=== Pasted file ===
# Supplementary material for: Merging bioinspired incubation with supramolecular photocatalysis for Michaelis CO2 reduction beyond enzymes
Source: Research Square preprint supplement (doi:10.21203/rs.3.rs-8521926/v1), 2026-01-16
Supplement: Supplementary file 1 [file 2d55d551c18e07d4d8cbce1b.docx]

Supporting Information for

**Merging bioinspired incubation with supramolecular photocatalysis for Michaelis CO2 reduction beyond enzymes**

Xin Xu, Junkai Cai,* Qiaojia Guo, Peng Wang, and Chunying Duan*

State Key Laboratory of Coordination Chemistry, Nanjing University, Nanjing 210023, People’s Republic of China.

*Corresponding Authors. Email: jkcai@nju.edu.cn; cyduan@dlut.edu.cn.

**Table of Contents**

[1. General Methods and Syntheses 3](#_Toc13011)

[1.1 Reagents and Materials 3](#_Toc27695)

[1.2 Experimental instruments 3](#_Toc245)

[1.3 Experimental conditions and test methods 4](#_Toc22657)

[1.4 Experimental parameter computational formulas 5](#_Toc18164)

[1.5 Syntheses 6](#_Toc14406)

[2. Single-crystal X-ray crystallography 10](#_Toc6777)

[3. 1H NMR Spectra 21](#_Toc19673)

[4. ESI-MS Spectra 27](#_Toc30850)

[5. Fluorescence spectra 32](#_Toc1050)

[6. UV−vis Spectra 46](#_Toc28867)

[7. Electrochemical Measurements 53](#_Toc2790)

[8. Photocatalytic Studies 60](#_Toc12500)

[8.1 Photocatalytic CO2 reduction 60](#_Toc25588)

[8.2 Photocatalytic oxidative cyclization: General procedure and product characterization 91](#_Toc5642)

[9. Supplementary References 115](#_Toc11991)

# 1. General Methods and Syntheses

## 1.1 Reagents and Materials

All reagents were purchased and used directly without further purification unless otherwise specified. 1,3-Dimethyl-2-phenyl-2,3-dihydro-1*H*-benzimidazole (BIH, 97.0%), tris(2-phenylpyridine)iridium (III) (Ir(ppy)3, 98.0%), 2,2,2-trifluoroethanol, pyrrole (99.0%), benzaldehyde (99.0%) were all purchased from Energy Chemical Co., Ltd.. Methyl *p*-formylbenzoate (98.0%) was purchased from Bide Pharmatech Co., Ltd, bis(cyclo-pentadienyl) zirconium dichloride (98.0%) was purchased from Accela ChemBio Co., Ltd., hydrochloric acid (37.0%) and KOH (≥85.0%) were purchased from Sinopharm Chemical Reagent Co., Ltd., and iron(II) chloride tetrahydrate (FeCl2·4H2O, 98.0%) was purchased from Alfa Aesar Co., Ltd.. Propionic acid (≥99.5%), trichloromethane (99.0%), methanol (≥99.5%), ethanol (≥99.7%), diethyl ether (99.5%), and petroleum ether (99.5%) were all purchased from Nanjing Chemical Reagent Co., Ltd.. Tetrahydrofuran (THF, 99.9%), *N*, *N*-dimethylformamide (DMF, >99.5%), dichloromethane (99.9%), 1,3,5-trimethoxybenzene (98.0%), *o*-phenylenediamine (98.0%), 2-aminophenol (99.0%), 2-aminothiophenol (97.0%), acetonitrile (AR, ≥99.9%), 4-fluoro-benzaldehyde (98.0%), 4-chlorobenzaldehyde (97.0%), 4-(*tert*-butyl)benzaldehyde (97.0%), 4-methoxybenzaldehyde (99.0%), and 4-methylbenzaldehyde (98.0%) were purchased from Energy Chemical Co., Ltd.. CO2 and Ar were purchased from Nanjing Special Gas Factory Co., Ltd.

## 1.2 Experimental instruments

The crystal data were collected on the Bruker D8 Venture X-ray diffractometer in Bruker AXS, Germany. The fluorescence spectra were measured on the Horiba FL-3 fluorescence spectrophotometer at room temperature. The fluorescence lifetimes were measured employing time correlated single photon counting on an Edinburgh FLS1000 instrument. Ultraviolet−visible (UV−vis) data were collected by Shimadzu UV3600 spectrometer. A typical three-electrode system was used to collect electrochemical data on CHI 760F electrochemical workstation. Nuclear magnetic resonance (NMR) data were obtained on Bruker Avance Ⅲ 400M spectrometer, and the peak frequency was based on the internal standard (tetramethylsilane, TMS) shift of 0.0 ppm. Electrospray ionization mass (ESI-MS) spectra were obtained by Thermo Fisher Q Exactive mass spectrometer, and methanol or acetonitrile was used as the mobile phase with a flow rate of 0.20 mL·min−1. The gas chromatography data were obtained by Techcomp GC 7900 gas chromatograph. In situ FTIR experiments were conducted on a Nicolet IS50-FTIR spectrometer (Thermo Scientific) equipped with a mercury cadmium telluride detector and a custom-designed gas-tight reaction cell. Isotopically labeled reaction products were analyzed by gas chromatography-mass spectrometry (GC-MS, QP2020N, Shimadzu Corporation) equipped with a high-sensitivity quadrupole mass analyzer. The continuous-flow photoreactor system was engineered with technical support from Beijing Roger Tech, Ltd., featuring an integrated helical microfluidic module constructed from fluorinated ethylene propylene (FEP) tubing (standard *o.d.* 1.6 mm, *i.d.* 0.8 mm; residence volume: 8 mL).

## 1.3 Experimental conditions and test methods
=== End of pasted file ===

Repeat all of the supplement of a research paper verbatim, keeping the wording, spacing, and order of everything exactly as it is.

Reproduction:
# Supplementary material for: Merging bioinspired incubation with supramolecular photocatalysis for Michaelis CO2 reduction beyond enzymes
Source: Research Square preprint supplement (doi:10.21203/rs.3.rs-8521926/v1), 2026-01-16
Supplement: Supplementary file 1 [file 2d55d551c18e07d4d8cbce1b.docx]

Supporting Information for

**Merging bioinspired incubation with supramolecular photocatalysis for Michaelis CO2 reduction beyond enzymes**

Xin Xu, Junkai Cai,* Qiaojia Guo, Peng Wang, and Chunying Duan*

State Key Laboratory of Coordination Chemistry, Nanjing University, Nanjing 210023, People’s Republic of China.

*Corresponding Authors. Email: jkcai@nju.edu.cn; cyduan@dlut.edu.cn.

**Table of Contents**

[1. General Methods and Syntheses 3](#_Toc13011)

[1.1 Reagents and Materials 3](#_Toc27695)

[1.2 Experimental instruments 3](#_Toc245)

[1.3 Experimental conditions and test methods 4](#_Toc22657)

[1.4 Experimental parameter computational formulas 5](#_Toc18164)

[1.5 Syntheses 6](#_Toc14406)

[2. Single-crystal X-ray crystallography 10](#_Toc6777)

[3. 1H NMR Spectra 21](#_Toc19673)

[4. ESI-MS Spectra 27](#_Toc30850)

[5. Fluorescence spectra 32](#_Toc1050)

[6. UV−vis Spectra 46](#_Toc28867)

[7. Electrochemical Measurements 53](#_Toc2790)

[8. Photocatalytic Studies 60](#_Toc12500)

[8.1 Photocatalytic CO2 reduction 60](#_Toc25588)

[8.2 Photocatalytic oxidative cyclization: General procedure and product characterization 91](#_Toc5642)

[9. Supplementary References 115](#_Toc11991)

# 1. General Methods and Syntheses

## 1.1 Reagents and Materials

All reagents were purchased and used directly without further purification unless otherwise specified. 1,3-Dimethyl-2-phenyl-2,3-dihydro-1*H*-benzimidazole (BIH, 97.0%), tris(2-phenylpyridine)iridium (III) (Ir(ppy)3, 98.0%), 2,2,2-trifluoroethanol, pyrrole (99.0%), benzaldehyde (99.0%) were all purchased from Energy Chemical Co., Ltd.. Methyl *p*-formylbenzoate (98.0%) was purchased from Bide Pharmatech Co., Ltd, bis(cyclo-pentadienyl) zirconium dichloride (98.0%) was purchased from Accela ChemBio Co., Ltd., hydrochloric acid (37.0%) and KOH (≥85.0%) were purchased from Sinopharm Chemical Reagent Co., Ltd., and iron(II) chloride tetrahydrate (FeCl2·4H2O, 98.0%) was purchased from Alfa Aesar Co., Ltd.. Propionic acid (≥99.5%), trichloromethane (99.0%), methanol (≥99.5%), ethanol (≥99.7%), diethyl ether (99.5%), and petroleum ether (99.5%) were all purchased from Nanjing Chemical Reagent Co., Ltd.. Tetrahydrofuran (THF, 99.9%), *N*, *N*-dimethylformamide (DMF, >99.5%), dichloromethane (99.9%), 1,3,5-trimethoxybenzene (98.0%), *o*-phenylenediamine (98.0%), 2-aminophenol (99.0%), 2-aminothiophenol (97.0%), acetonitrile (AR, ≥99.9%), 4-fluoro-benzaldehyde (98.0%), 4-chlorobenzaldehyde (97.0%), 4-(*tert*-butyl)benzaldehyde (97.0%), 4-methoxybenzaldehyde (99.0%), and 4-methylbenzaldehyde (98.0%) were purchased from Energy Chemical Co., Ltd.. CO2 and Ar were purchased from Nanjing Special Gas Factory Co., Ltd.

## 1.2 Experimental instruments

The crystal data were collected on the Bruker D8 Venture X-ray diffractometer in Bruker AXS, Germany. The fluorescence spectra were measured on the Horiba FL-3 fluorescence spectrophotometer at room temperature. The fluorescence lifetimes were measured employing time correlated single photon counting on an Edinburgh FLS1000 instrument. Ultraviolet−visible (UV−vis) data were collected by Shimadzu UV3600 spectrometer. A typical three-electrode system was used to collect electrochemical data on CHI 760F electrochemical workstation. Nuclear magnetic resonance (NMR) data were obtained on Bruker Avance Ⅲ 400M spectrometer, and the peak frequency was based on the internal standard (tetramethylsilane, TMS) shift of 0.0 ppm. Electrospray ionization mass (ESI-MS) spectra were obtained by Thermo Fisher Q Exactive mass spectrometer, and methanol or acetonitrile was used as the mobile phase with a flow rate of 0.20 mL·min−1. The gas chromatography data were obtained by Techcomp GC 7900 gas chromatograph. In situ FTIR experiments were conducted on a Nicolet IS50-FTIR spectrometer (Thermo Scientific) equipped with a mercury cadmium telluride detector and a custom-designed gas-tight reaction cell. Isotopically labeled reaction products were analyzed by gas chromatography-mass spectrometry (GC-MS, QP2020N, Shimadzu Corporation) equipped with a high-sensitivity quadrupole mass analyzer. The continuous-flow photoreactor system was engineered with technical support from Beijing Roger Tech, Ltd., featuring an integrated helical microfluidic module constructed from fluorinated ethylene propylene (FEP) tubing (standard *o.d.* 1.6 mm, *i.d.* 0.8 mm; residence volume: 8 mL).

## 1.3 Experimental conditions and test methods